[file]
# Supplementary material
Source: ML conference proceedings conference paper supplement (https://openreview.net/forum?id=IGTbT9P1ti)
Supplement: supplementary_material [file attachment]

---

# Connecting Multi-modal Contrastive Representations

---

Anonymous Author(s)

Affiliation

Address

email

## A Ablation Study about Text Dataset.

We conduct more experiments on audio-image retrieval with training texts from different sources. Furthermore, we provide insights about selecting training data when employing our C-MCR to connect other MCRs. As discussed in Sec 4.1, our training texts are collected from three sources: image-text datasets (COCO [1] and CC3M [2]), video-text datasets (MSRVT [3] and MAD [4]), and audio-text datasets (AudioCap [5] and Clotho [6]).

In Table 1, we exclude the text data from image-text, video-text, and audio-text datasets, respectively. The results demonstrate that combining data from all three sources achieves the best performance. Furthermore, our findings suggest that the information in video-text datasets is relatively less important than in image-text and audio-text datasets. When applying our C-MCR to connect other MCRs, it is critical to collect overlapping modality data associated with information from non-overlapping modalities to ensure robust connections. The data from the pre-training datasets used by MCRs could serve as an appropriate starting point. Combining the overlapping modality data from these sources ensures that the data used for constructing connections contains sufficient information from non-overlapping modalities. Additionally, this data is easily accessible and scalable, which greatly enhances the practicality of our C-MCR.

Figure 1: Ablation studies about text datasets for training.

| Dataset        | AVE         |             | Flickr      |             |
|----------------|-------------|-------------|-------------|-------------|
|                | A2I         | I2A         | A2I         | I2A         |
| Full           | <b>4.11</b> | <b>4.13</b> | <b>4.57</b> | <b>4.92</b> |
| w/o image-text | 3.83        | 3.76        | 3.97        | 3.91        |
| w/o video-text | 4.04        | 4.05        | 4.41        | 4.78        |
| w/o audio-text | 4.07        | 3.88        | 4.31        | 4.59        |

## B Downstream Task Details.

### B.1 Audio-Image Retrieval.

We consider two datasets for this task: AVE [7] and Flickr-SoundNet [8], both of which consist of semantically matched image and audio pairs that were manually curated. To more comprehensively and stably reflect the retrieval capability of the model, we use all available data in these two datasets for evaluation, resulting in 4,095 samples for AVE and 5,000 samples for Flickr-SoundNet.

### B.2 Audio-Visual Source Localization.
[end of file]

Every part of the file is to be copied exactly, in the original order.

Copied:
# Supplementary material
Source: ML conference proceedings conference paper supplement (https://openreview.net/forum?id=IGTbT9P1ti)
Supplement: supplementary_material [file attachment]

---

# Connecting Multi-modal Contrastive Representations

---

Anonymous Author(s)

Affiliation

Address

email

## A Ablation Study about Text Dataset.

We conduct more experiments on audio-image retrieval with training texts from different sources. Furthermore, we provide insights about selecting training data when employing our C-MCR to connect other MCRs. As discussed in Sec 4.1, our training texts are collected from three sources: image-text datasets (COCO [1] and CC3M [2]), video-text datasets (MSRVT [3] and MAD [4]), and audio-text datasets (AudioCap [5] and Clotho [6]).

In Table 1, we exclude the text data from image-text, video-text, and audio-text datasets, respectively. The results demonstrate that combining data from all three sources achieves the best performance. Furthermore, our findings suggest that the information in video-text datasets is relatively less important than in image-text and audio-text datasets. When applying our C-MCR to connect other MCRs, it is critical to collect overlapping modality data associated with information from non-overlapping modalities to ensure robust connections. The data from the pre-training datasets used by MCRs could serve as an appropriate starting point. Combining the overlapping modality data from these sources ensures that the data used for constructing connections contains sufficient information from non-overlapping modalities. Additionally, this data is easily accessible and scalable, which greatly enhances the practicality of our C-MCR.

Figure 1: Ablation studies about text datasets for training.

| Dataset        | AVE         |             | Flickr      |             |
|----------------|-------------|-------------|-------------|-------------|
|                | A2I         | I2A         | A2I         | I2A         |
| Full           | <b>4.11</b> | <b>4.13</b> | <b>4.57</b> | <b>4.92</b> |
| w/o image-text | 3.83        | 3.76        | 3.97        | 3.91        |
| w/o video-text | 4.04        | 4.05        | 4.41        | 4.78        |
| w/o audio-text | 4.07        | 3.88        | 4.31        | 4.59        |

## B Downstream Task Details.

### B.1 Audio-Image Retrieval.

We consider two datasets for this task: AVE [7] and Flickr-SoundNet [8], both of which consist of semantically matched image and audio pairs that were manually curated. To more comprehensively and stably reflect the retrieval capability of the model, we use all available data in these two datasets for evaluation, resulting in 4,095 samples for AVE and 5,000 samples for Flickr-SoundNet.

### B.2 Audio-Visual Source Localization.